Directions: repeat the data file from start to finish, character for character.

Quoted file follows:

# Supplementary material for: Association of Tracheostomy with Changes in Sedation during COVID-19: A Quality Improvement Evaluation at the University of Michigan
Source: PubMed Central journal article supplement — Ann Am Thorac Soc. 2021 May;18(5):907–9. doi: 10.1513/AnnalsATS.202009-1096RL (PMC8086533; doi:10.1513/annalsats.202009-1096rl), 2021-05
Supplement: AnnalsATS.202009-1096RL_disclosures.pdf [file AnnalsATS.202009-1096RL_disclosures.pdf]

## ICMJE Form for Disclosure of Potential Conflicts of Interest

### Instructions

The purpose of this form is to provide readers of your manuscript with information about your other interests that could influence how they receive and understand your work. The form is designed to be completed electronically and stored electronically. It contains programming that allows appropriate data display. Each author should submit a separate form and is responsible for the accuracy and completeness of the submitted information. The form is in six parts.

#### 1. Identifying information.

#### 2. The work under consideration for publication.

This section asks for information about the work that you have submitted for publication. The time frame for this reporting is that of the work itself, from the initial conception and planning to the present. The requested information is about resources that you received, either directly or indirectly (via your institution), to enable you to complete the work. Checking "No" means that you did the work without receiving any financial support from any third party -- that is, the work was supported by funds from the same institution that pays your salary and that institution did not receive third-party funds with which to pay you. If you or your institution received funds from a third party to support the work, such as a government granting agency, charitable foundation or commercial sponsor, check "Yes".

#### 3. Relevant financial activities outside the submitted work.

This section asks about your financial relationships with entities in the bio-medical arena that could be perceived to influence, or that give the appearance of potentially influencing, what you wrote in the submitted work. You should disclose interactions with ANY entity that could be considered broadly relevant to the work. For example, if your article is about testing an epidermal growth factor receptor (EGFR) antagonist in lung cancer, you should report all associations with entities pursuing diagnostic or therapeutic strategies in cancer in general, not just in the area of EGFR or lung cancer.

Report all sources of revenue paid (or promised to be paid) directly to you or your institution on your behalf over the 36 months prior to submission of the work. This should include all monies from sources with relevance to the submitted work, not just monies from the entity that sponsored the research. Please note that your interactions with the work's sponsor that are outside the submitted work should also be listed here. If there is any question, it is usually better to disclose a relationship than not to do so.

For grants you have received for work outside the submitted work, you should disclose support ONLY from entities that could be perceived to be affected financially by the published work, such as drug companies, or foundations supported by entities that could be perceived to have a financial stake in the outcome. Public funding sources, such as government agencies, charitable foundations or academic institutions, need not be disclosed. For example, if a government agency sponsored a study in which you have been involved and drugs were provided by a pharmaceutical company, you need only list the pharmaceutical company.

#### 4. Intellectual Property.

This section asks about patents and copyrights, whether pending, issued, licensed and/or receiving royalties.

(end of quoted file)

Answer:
# Supplementary material for: Association of Tracheostomy with Changes in Sedation during COVID-19: A Quality Improvement Evaluation at the University of Michigan
Source: PubMed Central journal article supplement — Ann Am Thorac Soc. 2021 May;18(5):907–9. doi: 10.1513/AnnalsATS.202009-1096RL (PMC8086533; doi:10.1513/annalsats.202009-1096rl), 2021-05
Supplement: AnnalsATS.202009-1096RL_disclosures.pdf [file AnnalsATS.202009-1096RL_disclosures.pdf]

## ICMJE Form for Disclosure of Potential Conflicts of Interest

### Instructions

The purpose of this form is to provide readers of your manuscript with information about your other interests that could influence how they receive and understand your work. The form is designed to be completed electronically and stored electronically. It contains programming that allows appropriate data display. Each author should submit a separate form and is responsible for the accuracy and completeness of the submitted information. The form is in six parts.

#### 1. Identifying information.

#### 2. The work under consideration for publication.

This section asks for information about the work that you have submitted for publication. The time frame for this reporting is that of the work itself, from the initial conception and planning to the present. The requested information is about resources that you received, either directly or indirectly (via your institution), to enable you to complete the work. Checking "No" means that you did the work without receiving any financial support from any third party -- that is, the work was supported by funds from the same institution that pays your salary and that institution did not receive third-party funds with which to pay you. If you or your institution received funds from a third party to support the work, such as a government granting agency, charitable foundation or commercial sponsor, check "Yes".

#### 3. Relevant financial activities outside the submitted work.

This section asks about your financial relationships with entities in the bio-medical arena that could be perceived to influence, or that give the appearance of potentially influencing, what you wrote in the submitted work. You should disclose interactions with ANY entity that could be considered broadly relevant to the work. For example, if your article is about testing an epidermal growth factor receptor (EGFR) antagonist in lung cancer, you should report all associations with entities pursuing diagnostic or therapeutic strategies in cancer in general, not just in the area of EGFR or lung cancer.

Report all sources of revenue paid (or promised to be paid) directly to you or your institution on your behalf over the 36 months prior to submission of the work. This should include all monies from sources with relevance to the submitted work, not just monies from the entity that sponsored the research. Please note that your interactions with the work's sponsor that are outside the submitted work should also be listed here. If there is any question, it is usually better to disclose a relationship than not to do so.

For grants you have received for work outside the submitted work, you should disclose support ONLY from entities that could be perceived to be affected financially by the published work, such as drug companies, or foundations supported by entities that could be perceived to have a financial stake in the outcome. Public funding sources, such as government agencies, charitable foundations or academic institutions, need not be disclosed. For example, if a government agency sponsored a study in which you have been involved and drugs were provided by a pharmaceutical company, you need only list the pharmaceutical company.

#### 4. Intellectual Property.

This section asks about patents and copyrights, whether pending, issued, licensed and/or receiving royalties.